Corruption corrodes the social fabric of society. It undermines people’s trust in the political system, in its institutions and its leadership. A distrustful or apathetic public can then become yet another hurdle to challenging corruption.

Environmental degradation is another consequence of corrupt systems. The lack of, or non-enforcement of, environmental regulations and legislation means that precious natural resources are carelessly exploited, and entire ecological systems are ravaged. From mining, to logging, to carbon offsets, companies across the globe continue to pay bribes in return for unrestricted destruction.

When we study the recent story of Makadure Madush, his involvement with drugs, great relationships with politicians and the artists of Sri Lanka tells us a dark story of the kind of things happening similar to the most corrupt countries. 

There is no doubt that the lower growth rate prevailing in Sri Lanka at present mainly due to political uncertainties and corruption. This leads to lower the foreign direct investments which we really need at this hour to move the country forward. Even in South Asia we are doing far below the potential. We should be very sad and shamed about our performance having such talented educated people in Sri Lanka and yet having a bleak future as a country due to corrupt politicians.  

If we study our present debt situation, we have to understand all kinds of corruption finally become a burden to the society and the people in the country. 


Who is responsible?   

There is no doubt from the head of state of a country that every citizen is responsible for the country and its economic and social status. 

According to the President’s website, his introduction is as follows. President of the Democratic Socialist Republic of Sri Lanka – Pallewatte Gamaralalage Maithripala Yapa Sirisena, known as Maithripala Sirisena, is the 6th Executive President of Sri Lanka. He was born on 3rd September 1951 to a middle-class farming family. He joined mainstream politics in 1989 and has held several ministerial portfolios since 1994. 

He is the President of the Sri Lanka Freedom Party (SLFP), he was the longest serving General Secretary. He was selected as the Common Candidate of the Presidential Election to be held on 8th January 2015, where he won the support of the people of Sri Lanka to change the regime to build a better governance and an economically prosperous Sri Lanka for everyone.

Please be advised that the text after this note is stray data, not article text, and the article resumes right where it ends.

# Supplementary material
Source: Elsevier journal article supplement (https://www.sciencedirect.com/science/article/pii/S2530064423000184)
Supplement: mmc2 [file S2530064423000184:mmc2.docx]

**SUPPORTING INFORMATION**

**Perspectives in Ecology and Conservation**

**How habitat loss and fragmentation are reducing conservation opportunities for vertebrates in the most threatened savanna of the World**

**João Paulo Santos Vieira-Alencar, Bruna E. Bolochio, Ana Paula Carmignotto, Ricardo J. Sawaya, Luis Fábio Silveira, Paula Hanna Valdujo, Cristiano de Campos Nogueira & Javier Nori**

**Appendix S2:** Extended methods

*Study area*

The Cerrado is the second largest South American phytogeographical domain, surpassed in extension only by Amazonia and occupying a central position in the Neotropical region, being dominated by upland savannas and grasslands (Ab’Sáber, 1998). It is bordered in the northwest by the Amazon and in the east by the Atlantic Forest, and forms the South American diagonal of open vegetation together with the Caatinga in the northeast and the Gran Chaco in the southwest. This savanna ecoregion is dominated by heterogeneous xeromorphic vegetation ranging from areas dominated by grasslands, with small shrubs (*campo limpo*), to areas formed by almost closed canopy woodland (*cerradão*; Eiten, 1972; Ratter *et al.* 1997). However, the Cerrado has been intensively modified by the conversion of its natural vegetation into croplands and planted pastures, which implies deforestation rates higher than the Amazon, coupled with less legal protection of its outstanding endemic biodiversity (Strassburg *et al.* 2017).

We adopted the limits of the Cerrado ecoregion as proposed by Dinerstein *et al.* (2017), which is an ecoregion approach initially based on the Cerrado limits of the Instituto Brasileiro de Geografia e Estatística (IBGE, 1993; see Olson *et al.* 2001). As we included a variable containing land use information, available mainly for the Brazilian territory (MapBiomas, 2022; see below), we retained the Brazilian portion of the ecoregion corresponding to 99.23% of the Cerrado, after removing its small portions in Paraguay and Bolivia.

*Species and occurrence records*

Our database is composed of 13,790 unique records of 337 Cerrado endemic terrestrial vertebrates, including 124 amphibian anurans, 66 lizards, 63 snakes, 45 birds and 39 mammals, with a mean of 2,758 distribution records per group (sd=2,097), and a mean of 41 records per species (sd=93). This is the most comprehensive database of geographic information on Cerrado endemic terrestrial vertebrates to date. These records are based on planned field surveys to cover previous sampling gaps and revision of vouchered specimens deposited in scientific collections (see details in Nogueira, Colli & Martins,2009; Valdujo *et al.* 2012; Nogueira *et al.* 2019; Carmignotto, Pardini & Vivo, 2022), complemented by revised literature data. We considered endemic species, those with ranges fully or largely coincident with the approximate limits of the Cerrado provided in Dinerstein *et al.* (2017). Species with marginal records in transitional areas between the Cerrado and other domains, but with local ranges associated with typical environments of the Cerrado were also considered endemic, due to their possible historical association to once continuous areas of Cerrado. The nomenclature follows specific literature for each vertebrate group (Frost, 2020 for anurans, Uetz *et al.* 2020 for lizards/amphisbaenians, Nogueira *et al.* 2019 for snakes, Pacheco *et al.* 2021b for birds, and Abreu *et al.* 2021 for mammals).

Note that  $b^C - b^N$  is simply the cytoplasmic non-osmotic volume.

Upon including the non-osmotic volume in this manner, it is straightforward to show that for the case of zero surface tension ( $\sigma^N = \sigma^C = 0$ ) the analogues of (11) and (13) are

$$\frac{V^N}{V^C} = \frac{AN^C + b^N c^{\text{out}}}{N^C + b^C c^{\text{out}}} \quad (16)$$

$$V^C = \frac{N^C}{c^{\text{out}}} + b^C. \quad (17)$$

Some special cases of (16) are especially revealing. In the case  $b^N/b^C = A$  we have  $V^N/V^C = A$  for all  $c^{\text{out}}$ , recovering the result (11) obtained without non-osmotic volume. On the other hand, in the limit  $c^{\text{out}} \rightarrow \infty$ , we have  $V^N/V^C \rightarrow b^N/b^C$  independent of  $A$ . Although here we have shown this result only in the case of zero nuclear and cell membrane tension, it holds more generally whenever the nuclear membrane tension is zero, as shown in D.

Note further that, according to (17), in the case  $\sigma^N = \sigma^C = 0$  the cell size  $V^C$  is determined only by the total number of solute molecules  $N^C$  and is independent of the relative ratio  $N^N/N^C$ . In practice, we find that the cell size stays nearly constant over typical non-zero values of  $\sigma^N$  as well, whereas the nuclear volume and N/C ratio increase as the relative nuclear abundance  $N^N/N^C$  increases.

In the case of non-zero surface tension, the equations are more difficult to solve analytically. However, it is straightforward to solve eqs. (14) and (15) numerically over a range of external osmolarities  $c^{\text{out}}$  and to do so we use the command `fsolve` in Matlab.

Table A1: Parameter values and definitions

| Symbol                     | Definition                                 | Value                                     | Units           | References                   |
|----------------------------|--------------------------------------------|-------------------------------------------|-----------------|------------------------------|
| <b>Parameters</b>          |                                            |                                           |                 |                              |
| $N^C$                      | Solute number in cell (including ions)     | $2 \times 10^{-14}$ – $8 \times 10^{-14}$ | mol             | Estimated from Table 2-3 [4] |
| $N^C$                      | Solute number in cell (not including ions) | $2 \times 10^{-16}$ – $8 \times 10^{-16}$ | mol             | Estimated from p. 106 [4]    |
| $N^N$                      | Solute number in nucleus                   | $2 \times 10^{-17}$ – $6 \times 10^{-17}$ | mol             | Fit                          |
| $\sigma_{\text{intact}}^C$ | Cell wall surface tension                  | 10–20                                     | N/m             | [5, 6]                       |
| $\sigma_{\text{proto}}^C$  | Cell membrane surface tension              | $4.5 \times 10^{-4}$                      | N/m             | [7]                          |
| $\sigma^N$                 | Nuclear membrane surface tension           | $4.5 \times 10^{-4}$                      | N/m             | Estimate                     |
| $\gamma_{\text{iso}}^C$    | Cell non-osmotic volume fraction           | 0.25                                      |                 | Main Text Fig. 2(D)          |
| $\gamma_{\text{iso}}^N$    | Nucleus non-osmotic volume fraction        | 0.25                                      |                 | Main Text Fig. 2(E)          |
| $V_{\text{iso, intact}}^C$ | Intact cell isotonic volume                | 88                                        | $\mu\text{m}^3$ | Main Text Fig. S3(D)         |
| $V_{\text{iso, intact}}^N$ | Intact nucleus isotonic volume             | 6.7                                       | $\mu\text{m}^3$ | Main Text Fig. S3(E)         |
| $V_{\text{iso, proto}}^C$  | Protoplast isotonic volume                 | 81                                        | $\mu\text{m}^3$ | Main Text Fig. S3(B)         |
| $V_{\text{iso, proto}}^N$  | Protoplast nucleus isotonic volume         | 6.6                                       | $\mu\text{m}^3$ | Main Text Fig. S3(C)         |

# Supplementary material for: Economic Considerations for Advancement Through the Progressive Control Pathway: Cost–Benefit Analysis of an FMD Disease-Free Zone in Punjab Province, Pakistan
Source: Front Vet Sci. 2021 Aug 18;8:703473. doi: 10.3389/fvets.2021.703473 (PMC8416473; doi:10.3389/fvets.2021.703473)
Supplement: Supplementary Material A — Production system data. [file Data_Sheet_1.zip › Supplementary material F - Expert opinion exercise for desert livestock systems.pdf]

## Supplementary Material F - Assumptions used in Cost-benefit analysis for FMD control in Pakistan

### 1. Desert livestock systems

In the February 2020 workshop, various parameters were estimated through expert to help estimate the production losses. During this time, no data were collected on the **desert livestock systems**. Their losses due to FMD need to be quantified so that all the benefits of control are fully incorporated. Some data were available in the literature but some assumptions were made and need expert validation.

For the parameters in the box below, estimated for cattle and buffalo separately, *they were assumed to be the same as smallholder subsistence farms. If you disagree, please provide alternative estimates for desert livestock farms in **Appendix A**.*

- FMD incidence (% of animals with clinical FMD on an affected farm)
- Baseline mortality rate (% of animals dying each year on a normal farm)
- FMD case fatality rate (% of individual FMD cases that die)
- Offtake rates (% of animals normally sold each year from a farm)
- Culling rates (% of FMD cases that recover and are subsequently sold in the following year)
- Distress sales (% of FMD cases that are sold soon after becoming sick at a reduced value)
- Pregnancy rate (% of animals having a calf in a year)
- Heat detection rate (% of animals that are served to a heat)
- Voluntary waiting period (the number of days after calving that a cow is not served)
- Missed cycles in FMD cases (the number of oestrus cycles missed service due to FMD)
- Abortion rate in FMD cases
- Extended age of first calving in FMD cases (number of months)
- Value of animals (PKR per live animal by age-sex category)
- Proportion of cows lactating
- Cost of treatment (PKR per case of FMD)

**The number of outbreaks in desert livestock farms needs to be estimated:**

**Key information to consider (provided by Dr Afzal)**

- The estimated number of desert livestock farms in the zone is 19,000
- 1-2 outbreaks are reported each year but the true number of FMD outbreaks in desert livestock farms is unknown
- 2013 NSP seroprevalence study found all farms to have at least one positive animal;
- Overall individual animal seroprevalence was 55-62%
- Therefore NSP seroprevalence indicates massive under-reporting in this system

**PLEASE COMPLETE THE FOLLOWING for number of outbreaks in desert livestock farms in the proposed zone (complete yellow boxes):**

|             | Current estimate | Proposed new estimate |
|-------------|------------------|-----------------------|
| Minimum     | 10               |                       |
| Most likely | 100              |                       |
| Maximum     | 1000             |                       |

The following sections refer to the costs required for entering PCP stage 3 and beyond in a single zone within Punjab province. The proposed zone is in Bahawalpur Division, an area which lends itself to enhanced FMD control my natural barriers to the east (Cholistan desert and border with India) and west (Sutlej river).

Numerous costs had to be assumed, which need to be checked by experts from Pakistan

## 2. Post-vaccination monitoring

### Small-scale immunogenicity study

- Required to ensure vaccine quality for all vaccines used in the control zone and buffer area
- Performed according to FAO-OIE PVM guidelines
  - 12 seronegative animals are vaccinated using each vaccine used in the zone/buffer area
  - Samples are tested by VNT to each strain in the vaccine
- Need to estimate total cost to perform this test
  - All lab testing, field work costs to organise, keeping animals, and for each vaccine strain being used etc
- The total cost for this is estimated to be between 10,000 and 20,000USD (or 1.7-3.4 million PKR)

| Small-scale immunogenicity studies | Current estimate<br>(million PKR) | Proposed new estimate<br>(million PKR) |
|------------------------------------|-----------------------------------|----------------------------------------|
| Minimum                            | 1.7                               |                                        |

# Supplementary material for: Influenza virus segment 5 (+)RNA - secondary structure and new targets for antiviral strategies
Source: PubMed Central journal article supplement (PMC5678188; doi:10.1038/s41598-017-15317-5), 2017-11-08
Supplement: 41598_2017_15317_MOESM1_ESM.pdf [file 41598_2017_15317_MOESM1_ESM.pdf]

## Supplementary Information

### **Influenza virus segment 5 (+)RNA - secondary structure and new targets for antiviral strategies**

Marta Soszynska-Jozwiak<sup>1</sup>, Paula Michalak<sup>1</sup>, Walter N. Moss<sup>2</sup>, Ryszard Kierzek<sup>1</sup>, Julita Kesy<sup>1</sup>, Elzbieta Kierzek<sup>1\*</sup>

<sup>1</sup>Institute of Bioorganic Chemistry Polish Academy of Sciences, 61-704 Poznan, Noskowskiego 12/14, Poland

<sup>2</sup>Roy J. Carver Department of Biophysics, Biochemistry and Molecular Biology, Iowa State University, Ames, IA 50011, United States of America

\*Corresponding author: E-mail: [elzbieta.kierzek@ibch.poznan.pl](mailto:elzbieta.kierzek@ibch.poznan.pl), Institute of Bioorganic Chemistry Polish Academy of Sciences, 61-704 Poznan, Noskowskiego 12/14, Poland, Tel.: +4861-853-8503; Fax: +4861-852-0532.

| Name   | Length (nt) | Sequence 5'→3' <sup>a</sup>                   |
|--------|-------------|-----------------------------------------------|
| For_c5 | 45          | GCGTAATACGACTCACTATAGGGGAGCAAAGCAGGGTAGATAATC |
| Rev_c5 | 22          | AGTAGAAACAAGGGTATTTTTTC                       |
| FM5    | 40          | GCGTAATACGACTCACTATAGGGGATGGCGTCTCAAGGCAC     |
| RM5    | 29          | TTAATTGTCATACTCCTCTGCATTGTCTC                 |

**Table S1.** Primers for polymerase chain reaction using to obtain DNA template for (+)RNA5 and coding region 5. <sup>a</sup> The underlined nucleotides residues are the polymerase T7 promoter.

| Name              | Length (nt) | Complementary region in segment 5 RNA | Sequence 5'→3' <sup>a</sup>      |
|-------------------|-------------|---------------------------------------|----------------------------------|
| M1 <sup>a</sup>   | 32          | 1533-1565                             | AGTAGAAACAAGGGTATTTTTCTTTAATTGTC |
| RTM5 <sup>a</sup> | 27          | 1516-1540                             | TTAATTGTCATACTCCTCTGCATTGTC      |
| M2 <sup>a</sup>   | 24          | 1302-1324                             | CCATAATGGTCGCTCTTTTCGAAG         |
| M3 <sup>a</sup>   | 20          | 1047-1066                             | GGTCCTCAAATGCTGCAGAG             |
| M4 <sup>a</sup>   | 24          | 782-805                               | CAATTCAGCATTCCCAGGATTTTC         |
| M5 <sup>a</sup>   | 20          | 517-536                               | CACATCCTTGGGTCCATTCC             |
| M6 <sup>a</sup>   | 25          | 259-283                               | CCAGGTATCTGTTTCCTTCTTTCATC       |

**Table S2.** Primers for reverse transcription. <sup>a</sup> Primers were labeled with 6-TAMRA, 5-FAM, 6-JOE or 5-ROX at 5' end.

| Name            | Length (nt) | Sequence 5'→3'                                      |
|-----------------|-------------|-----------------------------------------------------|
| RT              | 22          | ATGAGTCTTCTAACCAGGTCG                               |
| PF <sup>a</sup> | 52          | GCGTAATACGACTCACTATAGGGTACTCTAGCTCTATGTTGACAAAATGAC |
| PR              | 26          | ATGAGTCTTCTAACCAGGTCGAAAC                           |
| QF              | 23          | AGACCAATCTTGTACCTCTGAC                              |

In the website, it further explains that Maithripala Sirisena is a rare breed of a gentleman politician in today’s political landscape, a politician with an impeccable track record, untainted by either violence or corruption. Maithripala is a political leader with a genuine national appeal. The son of a farmer, he had practiced a brand of centrist, moderate and clean politics, which characterises the best in Sri Lanka’s political culture.

The general public of this country has a big question today. Is the President doing what he has promised the people of this country before he came to power? Has the key promises in his manifesto to minimising corruption, uplift economic development, establishing law and order, better media freedom, upholding democracy been realised over the past few years? Has he lead by example to drive this country into a nation of Good governance (Yahapalanaya)?

Secondly, Sri Lanka Administrative Service officers, as the most responsible stakeholders, should manage the country by providing decent and efficient work rather than giving excuses to the people. If this happens, there will be some light at the end of the tunnel.    


(The writer is an Economics Hons Graduate from the Sri Jayawardenepura University, Immediate Past President of the International Chamber of Commerce and the Vice President of the Federation of Chamber of Commerce and Industries Sri Lanka.)